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3 Big Things Today, July 26, 2022

Soybeans, Grains Surge Overnight; Weekly Export Inspections of Corn, Beans Fall

1. Soybeans and Grains Rise in Overnight Trading

Soybeans and grains were higher in overnight trading after a government report showed crop conditions declined.

About 59% of the U.S. soybean crop was in good or excellent condition as of Sunday, down from 61% a week earlier, the Department of Agriculture said in a report.

Twenty-six percent of the crop was setting pods, up from 14% a week earlier but behind the prior five-year average of 34%, the USDA said. Some 64% was blooming, up from 48% the previous week and the average of 69%.

Around 61% of U.S. corn earned top ratings at the start of the week, down from 64% the previous week, the government said.

Thirteen percent of the crop was in the dough stage, up from 6% a week earlier but down from the normal 15% for this time of the year. Sixty-two percent was silking, up from 37% week-to-week but down from the average of 70%.

Spring-wheat conditions also declined, falling to 68% good or excellent from 71%, the USDA said. At this point last year, only 9% had earned top ratings. About 86% of the crop was headed as of Sunday, up from 68% a week earlier but behind the normal pace of 96%.

Extremely hot and dry weather has persisted over much of the U.S. Corn Belt in the past couple weeks.

Little or no rain fell in much of North Dakota, South Dakota, southern Minnesota, Iowa, Nebraska, Kansas and Oklahoma in the past two weeks, according to data from the National Weather Service precipitation page.

Also boosting prices are ongoing concerns about whether Ukraine grain will make it out of the war-torn country as Russia continues attacks.

A deal was brokered last week that would allow Ukrainian wheat and corn, among other agricultural products, out of the country, but Russia attacked the port city of Odesa over the weekend, putting into question the agreement.

Still, grains are set to begin flowing from Ukrainian ports this week despite the attack on the port city.

Russian energy company Gazprom said it will cut gas flows to Germany by half to 33 million cubic meters per day, according to media reports.

Soybean futures for November delivery jumped 20¢ to $13.66 a bushel overnight on the Chicago Board of Trade. Soymeal gained $4.40 to $403.50 a short ton, while soybean oil futures added 0.88¢ to 58.43¢ a pound.

Corn futures for December delivery were up 13 1/4¢ to $5.97 a bushel.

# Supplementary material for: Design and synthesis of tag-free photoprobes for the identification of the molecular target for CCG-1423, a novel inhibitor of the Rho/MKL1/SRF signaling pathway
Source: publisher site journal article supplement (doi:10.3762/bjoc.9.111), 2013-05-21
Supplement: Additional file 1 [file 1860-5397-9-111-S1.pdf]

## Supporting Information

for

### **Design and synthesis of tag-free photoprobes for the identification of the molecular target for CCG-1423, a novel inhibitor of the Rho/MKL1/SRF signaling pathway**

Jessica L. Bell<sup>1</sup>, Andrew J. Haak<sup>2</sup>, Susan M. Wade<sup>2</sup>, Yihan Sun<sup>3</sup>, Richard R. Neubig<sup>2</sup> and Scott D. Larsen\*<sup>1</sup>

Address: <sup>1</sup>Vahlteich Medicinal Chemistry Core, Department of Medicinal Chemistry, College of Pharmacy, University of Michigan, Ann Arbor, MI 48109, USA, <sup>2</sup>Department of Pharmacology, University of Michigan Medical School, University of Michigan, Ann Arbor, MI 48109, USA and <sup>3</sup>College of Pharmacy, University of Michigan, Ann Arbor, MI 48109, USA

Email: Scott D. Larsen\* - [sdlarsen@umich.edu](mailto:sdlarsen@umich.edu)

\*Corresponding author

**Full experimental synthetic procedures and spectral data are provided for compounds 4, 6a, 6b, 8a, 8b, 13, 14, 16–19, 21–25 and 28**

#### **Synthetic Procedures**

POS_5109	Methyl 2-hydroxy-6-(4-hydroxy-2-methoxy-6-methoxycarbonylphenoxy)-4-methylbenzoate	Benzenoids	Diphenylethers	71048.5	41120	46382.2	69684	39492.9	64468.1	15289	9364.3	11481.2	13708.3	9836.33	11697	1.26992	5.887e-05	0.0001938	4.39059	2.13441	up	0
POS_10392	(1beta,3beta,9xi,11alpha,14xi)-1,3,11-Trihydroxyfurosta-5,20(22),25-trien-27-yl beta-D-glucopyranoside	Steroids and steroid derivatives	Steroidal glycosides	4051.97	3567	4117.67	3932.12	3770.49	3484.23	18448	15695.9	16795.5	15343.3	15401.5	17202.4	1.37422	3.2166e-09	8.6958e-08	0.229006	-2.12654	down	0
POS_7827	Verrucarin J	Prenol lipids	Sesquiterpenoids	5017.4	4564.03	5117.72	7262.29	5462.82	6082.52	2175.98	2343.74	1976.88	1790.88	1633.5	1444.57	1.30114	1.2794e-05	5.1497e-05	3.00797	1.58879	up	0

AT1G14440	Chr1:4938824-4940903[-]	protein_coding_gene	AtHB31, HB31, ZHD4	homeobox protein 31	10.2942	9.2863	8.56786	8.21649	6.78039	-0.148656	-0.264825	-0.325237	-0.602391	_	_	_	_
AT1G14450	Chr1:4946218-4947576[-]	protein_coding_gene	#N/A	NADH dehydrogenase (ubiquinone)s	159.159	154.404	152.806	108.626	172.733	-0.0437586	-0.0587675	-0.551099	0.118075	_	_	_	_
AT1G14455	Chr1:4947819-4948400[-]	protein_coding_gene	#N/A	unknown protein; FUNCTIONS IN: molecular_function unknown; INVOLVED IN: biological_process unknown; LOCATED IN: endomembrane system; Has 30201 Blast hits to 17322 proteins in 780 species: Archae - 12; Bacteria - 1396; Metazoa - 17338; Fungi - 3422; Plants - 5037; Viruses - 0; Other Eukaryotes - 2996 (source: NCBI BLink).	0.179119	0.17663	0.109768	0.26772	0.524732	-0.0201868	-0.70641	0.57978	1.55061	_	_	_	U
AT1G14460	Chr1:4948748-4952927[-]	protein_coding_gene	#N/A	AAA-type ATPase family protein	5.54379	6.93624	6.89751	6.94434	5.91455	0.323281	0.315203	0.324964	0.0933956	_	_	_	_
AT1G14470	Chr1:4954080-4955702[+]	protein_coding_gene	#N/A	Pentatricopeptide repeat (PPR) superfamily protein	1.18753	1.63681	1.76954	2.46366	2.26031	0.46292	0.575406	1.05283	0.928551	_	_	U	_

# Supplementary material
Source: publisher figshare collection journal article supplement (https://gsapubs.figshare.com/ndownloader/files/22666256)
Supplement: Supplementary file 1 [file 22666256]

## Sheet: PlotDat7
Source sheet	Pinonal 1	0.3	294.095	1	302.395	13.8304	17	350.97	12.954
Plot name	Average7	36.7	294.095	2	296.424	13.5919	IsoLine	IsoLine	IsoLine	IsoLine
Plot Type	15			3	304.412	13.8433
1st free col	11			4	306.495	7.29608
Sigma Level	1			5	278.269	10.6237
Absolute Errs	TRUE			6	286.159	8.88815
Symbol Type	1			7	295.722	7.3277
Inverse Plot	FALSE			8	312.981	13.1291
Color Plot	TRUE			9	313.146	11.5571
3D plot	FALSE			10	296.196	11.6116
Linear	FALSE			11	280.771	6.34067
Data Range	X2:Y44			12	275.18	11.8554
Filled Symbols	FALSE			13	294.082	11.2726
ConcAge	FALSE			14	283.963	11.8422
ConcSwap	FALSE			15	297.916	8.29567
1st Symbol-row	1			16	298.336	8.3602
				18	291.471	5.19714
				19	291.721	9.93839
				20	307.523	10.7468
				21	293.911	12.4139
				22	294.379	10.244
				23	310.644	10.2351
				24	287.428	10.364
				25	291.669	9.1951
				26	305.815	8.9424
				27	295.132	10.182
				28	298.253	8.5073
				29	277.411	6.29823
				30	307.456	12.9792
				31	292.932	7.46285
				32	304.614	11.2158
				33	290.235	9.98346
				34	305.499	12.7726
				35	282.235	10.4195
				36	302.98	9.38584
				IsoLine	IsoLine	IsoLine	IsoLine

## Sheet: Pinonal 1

Wheat for September delivery surged 16¢ to $7.86 a bushel while Kansas City futures added 14 1/4¢ to $8.54 a bushel.

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2. Export Inspections of Corn and Beans Fall Week-to-Week

Inspections of corn and beans for offshore delivery fell week-to-week while wheat assessments increased, according to the USDA.

Corn inspections in the seven days that ended on July 21 declined to 724,214 metric tons from 1.07 million tons a week earlier, the agency said in a report.

That's also down from the 1.25 million tons assessed during the same week last year.

Soybean inspections were down to 388,212 metric tons from 436,829 tons the previous week, but that was above the 242,239 tons examined at the same point in 2021, the government said.

Wheat assessments last week were reported at 475,426 metric tons, up from 191,333 tons a week earlier. The total, however, was down from the 515,214 tons inspected during the same week a year earlier.

Since the start of the marketing year on Sept. 1, the USDA has inspected 51 million metric tons of corn for overseas delivery.

That's down from the 61.6 million tons examined during the same timeframe a year earlier, the agency said.

Soybean inspections since the beginning of September now stand at 53 million metric tons, down from 58.2 million tons at the same point last year.

Wheat inspections since the start of the grain's marketing year on June 1 are now at 2.59 million metric tons, down from 3.39 million tons during the same period last year, the USDA said in its report.


3. Extreme Heat Persists in Southern Midwest

Extreme heat continues in parts of southeastern Kansas, southern Missouri and much of Oklahoma and Arkansas this afternoon, according to maps from the National Weather Service.

In northeastern Oklahoma, temperatures are forecast from 105 to 108 degrees Fahrenheit with heat indexes of up to 112 degrees expected, the NWS said.

In southern Missouri, heat indexes are forecast to hit 108 degrees today.

"Take extra precautions if you work or spend time outside," the NWS said.

Further north and east in central Illinois, rain and thunderstorms are rolling through the area, causing flooding in some counties.

Flash-flood warnings are in effect for several counties in south-central Illinois into southern Indiana this morning as rainfall rates of up to 2 inches an hour are falling, the agency said.

Another 1 to 3 inches are possible in the area, worsening the flooding, the NWS said. 

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